The ultimate measure of the man is not where he stands in the moments of comfort, but where he stands at times of challenge and controversy. — Dr. Martin Luther King, Jr.
Most leaders would prefer to learn new skills or gain additional insight into their strengths and weaknesses by taking a class, reading a book, or listening to a speaker. Typically, they would not opt for a learning environment that involved living and working on the frontlines of a full-blown international health crisis. Nevertheless, leaders in our study group told us that they learned or re-learned three very important leadership imperatives:
- A Blurring of the Lines Between Work and Family Life
- Employees Want More Empowerment and Engagement
- Creating a Great Place to Work is a High Priority
Blurring the Lines Between Work and Family Life
We learned that the pandemic reshaped the demarcation between work, family life, and employee well-being. Leaders will no longer be able to say that their responsibilities to employees end at the plant gate, the office entrance, the building lobby, or the restaurant door.
Leaders need to work with ‘the individual as a whole.’ An employee’s work persona is just one part of their wider life experience, embedded deeply with the community and wider society. Leaders must shift their mindset to acknowledge that employees’ experience goes beyond work. (Mukherjee & Krish, Oct. 4, 2021).
One organizational leader stated: “we need to be more flexible in working with each other. As long as the work gets done correctly, we must let people decide when and where the work gets done.”
As Bill Kohl of the Greenwood Hospitality Group told us in unambiguous terms: “we are not going back to ‘normal’ whatever that means. We will be very flexible regarding the needs of our people because we will need more creative solutions to our issues.”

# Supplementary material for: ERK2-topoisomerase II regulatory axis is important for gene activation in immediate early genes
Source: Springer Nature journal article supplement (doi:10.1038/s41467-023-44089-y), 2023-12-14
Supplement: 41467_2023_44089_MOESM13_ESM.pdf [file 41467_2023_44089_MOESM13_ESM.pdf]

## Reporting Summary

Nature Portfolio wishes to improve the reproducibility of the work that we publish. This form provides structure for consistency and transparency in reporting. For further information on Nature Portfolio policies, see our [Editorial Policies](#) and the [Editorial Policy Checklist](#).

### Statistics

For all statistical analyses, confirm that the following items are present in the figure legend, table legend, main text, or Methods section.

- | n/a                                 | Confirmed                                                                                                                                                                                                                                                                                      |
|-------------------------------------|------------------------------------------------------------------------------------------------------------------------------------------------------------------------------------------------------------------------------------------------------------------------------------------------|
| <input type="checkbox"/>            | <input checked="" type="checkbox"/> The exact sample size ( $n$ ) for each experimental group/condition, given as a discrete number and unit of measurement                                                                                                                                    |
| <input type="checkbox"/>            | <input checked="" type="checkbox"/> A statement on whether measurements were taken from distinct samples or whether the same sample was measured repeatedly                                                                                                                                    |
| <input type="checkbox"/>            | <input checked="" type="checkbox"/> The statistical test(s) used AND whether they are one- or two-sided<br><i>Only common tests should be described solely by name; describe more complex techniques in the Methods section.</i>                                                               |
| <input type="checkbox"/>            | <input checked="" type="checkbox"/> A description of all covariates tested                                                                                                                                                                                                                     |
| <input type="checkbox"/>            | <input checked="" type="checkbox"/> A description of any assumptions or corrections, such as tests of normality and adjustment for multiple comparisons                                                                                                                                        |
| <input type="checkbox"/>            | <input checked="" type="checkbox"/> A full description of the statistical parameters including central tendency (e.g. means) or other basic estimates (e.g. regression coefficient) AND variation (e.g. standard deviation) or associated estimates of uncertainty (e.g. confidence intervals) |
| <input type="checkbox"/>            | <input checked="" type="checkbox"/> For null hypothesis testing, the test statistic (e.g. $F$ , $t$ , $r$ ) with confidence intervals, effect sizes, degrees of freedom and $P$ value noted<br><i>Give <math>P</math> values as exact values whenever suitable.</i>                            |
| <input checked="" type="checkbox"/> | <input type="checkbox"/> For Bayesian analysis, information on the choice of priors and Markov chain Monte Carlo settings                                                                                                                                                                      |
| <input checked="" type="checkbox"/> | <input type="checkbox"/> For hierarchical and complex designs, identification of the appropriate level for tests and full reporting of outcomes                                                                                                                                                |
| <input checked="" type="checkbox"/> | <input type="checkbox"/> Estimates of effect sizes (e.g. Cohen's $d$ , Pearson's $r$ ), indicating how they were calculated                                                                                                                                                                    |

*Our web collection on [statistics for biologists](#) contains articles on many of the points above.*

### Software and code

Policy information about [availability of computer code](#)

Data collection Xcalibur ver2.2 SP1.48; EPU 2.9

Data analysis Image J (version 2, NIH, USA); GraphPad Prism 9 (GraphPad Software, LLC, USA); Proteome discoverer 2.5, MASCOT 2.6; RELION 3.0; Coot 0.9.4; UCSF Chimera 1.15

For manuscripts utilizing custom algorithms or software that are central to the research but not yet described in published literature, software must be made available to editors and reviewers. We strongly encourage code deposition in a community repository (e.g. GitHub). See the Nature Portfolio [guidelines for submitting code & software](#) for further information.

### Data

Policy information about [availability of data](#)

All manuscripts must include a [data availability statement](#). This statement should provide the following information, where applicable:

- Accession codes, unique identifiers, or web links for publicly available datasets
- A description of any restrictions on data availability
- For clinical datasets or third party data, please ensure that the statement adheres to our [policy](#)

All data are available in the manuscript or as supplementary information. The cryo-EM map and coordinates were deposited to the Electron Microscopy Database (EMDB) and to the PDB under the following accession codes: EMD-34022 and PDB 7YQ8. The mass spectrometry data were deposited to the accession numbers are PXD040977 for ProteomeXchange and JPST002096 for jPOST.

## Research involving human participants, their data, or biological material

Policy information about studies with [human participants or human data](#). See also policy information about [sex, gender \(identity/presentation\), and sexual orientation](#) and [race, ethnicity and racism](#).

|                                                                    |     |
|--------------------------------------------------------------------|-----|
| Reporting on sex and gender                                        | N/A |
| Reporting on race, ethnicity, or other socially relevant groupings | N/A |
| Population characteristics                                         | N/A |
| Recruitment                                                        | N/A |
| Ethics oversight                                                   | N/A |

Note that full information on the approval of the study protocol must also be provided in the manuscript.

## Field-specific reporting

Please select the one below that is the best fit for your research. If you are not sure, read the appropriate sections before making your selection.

More Empowerment and More Employee Engagement
Another new role for post-pandemic leadership is to create psychologically safe spaces for employees to speak up about their needs and share their ideas for workplace improvements. During the crisis, the very best leaders experienced the value of employee empowerment. As Mitch Rudin of Savills told us, “There will be more empowerment of employees and listening to their ideas leading to a better way of leveraging our resources. Along the same lines, we learned that ordering people back to the office does not work. What is more effective is creating an exciting environment that reflects the organization’s culture and leadership that is present, compassionate, and listens.” Similarly, Mike Hemphill of the Clinton Foundation’s Leadership Scholars Program said, “we can be more open to new ideas and new ways of doing things. And we will.”
To make this happen, you must have a high level of employee engagement that results in a culture of openness to opinions and willingness to consider ideas for organizational improvement from everyone. To create such a viable and diverse culture, the new leaders must ensure that all employees have equal access to opportunities and forums where they can be heard. This is especially true for women who were disproportionately impacted by the crisis due to a lack of childcare options, paid family leave, and inflexible corporate policies.